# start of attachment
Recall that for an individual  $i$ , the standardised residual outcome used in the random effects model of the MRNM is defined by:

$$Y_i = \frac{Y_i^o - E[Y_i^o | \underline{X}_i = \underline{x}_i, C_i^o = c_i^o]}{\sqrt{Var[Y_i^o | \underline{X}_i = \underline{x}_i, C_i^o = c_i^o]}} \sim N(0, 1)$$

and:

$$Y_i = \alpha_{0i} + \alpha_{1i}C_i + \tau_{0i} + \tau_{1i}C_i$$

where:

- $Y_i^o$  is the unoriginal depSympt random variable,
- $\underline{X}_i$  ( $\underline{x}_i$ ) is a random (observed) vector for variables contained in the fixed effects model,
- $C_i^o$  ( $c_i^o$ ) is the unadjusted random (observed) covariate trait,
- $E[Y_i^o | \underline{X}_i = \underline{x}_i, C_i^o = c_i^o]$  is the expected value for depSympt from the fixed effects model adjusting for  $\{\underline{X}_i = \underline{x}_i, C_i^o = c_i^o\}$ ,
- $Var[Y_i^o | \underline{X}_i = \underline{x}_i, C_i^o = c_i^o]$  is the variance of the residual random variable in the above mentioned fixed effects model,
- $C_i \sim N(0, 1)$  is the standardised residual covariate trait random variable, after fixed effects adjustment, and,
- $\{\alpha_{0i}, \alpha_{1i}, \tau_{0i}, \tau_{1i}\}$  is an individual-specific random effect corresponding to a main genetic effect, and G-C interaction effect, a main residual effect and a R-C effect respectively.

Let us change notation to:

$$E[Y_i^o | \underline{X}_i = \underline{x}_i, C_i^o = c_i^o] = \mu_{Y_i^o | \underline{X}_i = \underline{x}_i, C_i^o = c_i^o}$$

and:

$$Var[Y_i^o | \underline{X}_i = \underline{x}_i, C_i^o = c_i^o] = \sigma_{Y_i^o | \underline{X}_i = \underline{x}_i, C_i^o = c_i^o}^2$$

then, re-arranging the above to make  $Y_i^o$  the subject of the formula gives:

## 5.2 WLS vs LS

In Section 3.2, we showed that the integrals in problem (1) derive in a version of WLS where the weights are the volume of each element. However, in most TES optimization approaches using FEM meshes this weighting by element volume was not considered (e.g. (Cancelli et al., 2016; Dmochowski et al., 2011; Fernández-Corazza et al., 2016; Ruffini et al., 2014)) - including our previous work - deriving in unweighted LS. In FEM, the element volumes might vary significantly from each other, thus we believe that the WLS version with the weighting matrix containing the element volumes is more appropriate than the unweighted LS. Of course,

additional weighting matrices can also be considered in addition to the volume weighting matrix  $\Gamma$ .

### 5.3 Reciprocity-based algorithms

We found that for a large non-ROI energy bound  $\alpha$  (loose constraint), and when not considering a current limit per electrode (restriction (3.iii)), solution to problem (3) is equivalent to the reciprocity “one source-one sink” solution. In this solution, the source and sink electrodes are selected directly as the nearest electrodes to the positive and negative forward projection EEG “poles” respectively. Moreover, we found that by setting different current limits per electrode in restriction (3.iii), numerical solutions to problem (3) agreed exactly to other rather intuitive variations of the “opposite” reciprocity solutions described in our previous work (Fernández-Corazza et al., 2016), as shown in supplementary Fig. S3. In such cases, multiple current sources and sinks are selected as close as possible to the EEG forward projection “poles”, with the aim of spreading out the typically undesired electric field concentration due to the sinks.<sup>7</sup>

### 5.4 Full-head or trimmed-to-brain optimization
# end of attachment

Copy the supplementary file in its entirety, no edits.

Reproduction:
Recall that for an individual  $i$ , the standardised residual outcome used in the random effects model of the MRNM is defined by:

$$Y_i = \frac{Y_i^o - E[Y_i^o | \underline{X}_i = \underline{x}_i, C_i^o = c_i^o]}{\sqrt{Var[Y_i^o | \underline{X}_i = \underline{x}_i, C_i^o = c_i^o]}} \sim N(0, 1)$$

and:

$$Y_i = \alpha_{0i} + \alpha_{1i}C_i + \tau_{0i} + \tau_{1i}C_i$$

where:

- $Y_i^o$  is the unoriginal depSympt random variable,
- $\underline{X}_i$  ( $\underline{x}_i$ ) is a random (observed) vector for variables contained in the fixed effects model,
- $C_i^o$  ( $c_i^o$ ) is the unadjusted random (observed) covariate trait,
- $E[Y_i^o | \underline{X}_i = \underline{x}_i, C_i^o = c_i^o]$  is the expected value for depSympt from the fixed effects model adjusting for  $\{\underline{X}_i = \underline{x}_i, C_i^o = c_i^o\}$ ,
- $Var[Y_i^o | \underline{X}_i = \underline{x}_i, C_i^o = c_i^o]$  is the variance of the residual random variable in the above mentioned fixed effects model,
- $C_i \sim N(0, 1)$  is the standardised residual covariate trait random variable, after fixed effects adjustment, and,
- $\{\alpha_{0i}, \alpha_{1i}, \tau_{0i}, \tau_{1i}\}$  is an individual-specific random effect corresponding to a main genetic effect, and G-C interaction effect, a main residual effect and a R-C effect respectively.

Let us change notation to:

$$E[Y_i^o | \underline{X}_i = \underline{x}_i, C_i^o = c_i^o] = \mu_{Y_i^o | \underline{X}_i = \underline{x}_i, C_i^o = c_i^o}$$

and:

$$Var[Y_i^o | \underline{X}_i = \underline{x}_i, C_i^o = c_i^o] = \sigma_{Y_i^o | \underline{X}_i = \underline{x}_i, C_i^o = c_i^o}^2$$

then, re-arranging the above to make  $Y_i^o$  the subject of the formula gives:

## 5.2 WLS vs LS

In Section 3.2, we showed that the integrals in problem (1) derive in a version of WLS where the weights are the volume of each element. However, in most TES optimization approaches using FEM meshes this weighting by element volume was not considered (e.g. (Cancelli et al., 2016; Dmochowski et al., 2011; Fernández-Corazza et al., 2016; Ruffini et al., 2014)) - including our previous work - deriving in unweighted LS. In FEM, the element volumes might vary significantly from each other, thus we believe that the WLS version with the weighting matrix containing the element volumes is more appropriate than the unweighted LS. Of course,

additional weighting matrices can also be considered in addition to the volume weighting matrix  $\Gamma$ .

### 5.3 Reciprocity-based algorithms

We found that for a large non-ROI energy bound  $\alpha$  (loose constraint), and when not considering a current limit per electrode (restriction (3.iii)), solution to problem (3) is equivalent to the reciprocity “one source-one sink” solution. In this solution, the source and sink electrodes are selected directly as the nearest electrodes to the positive and negative forward projection EEG “poles” respectively. Moreover, we found that by setting different current limits per electrode in restriction (3.iii), numerical solutions to problem (3) agreed exactly to other rather intuitive variations of the “opposite” reciprocity solutions described in our previous work (Fernández-Corazza et al., 2016), as shown in supplementary Fig. S3. In such cases, multiple current sources and sinks are selected as close as possible to the EEG forward projection “poles”, with the aim of spreading out the typically undesired electric field concentration due to the sinks.<sup>7</sup>

### 5.4 Full-head or trimmed-to-brain optimization